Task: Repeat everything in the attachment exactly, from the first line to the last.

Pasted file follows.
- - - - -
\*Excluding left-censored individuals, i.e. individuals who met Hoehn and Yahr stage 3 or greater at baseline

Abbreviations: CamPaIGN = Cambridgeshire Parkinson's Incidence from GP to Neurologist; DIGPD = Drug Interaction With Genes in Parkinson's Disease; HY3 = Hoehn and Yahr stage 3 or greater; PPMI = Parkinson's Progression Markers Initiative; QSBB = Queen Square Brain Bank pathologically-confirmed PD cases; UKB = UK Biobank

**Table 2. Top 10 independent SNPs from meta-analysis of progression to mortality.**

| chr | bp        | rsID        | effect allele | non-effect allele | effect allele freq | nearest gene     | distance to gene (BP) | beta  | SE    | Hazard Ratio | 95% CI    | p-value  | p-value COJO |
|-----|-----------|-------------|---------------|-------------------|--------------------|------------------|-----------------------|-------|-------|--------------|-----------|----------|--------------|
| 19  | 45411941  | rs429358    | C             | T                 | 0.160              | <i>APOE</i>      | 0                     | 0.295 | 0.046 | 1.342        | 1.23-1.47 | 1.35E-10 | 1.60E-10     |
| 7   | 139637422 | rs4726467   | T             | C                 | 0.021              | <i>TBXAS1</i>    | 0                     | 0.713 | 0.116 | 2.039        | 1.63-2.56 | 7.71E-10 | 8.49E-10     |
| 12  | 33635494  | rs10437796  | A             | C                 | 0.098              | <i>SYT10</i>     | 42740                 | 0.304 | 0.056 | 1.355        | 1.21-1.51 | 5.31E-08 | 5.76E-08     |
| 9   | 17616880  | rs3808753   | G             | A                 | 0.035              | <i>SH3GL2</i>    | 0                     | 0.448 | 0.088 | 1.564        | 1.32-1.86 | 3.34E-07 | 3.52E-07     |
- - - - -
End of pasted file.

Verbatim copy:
\*Excluding left-censored individuals, i.e. individuals who met Hoehn and Yahr stage 3 or greater at baseline

Abbreviations: CamPaIGN = Cambridgeshire Parkinson's Incidence from GP to Neurologist; DIGPD = Drug Interaction With Genes in Parkinson's Disease; HY3 = Hoehn and Yahr stage 3 or greater; PPMI = Parkinson's Progression Markers Initiative; QSBB = Queen Square Brain Bank pathologically-confirmed PD cases; UKB = UK Biobank

**Table 2. Top 10 independent SNPs from meta-analysis of progression to mortality.**

| chr | bp        | rsID        | effect allele | non-effect allele | effect allele freq | nearest gene     | distance to gene (BP) | beta  | SE    | Hazard Ratio | 95% CI    | p-value  | p-value COJO |
|-----|-----------|-------------|---------------|-------------------|--------------------|------------------|-----------------------|-------|-------|--------------|-----------|----------|--------------|
| 19  | 45411941  | rs429358    | C             | T                 | 0.160              | <i>APOE</i>      | 0                     | 0.295 | 0.046 | 1.342        | 1.23-1.47 | 1.35E-10 | 1.60E-10     |
| 7   | 139637422 | rs4726467   | T             | C                 | 0.021              | <i>TBXAS1</i>    | 0                     | 0.713 | 0.116 | 2.039        | 1.63-2.56 | 7.71E-10 | 8.49E-10     |
| 12  | 33635494  | rs10437796  | A             | C                 | 0.098              | <i>SYT10</i>     | 42740                 | 0.304 | 0.056 | 1.355        | 1.21-1.51 | 5.31E-08 | 5.76E-08     |
| 9   | 17616880  | rs3808753   | G             | A                 | 0.035              | <i>SH3GL2</i>    | 0                     | 0.448 | 0.088 | 1.564        | 1.32-1.86 | 3.34E-07 | 3.52E-07     |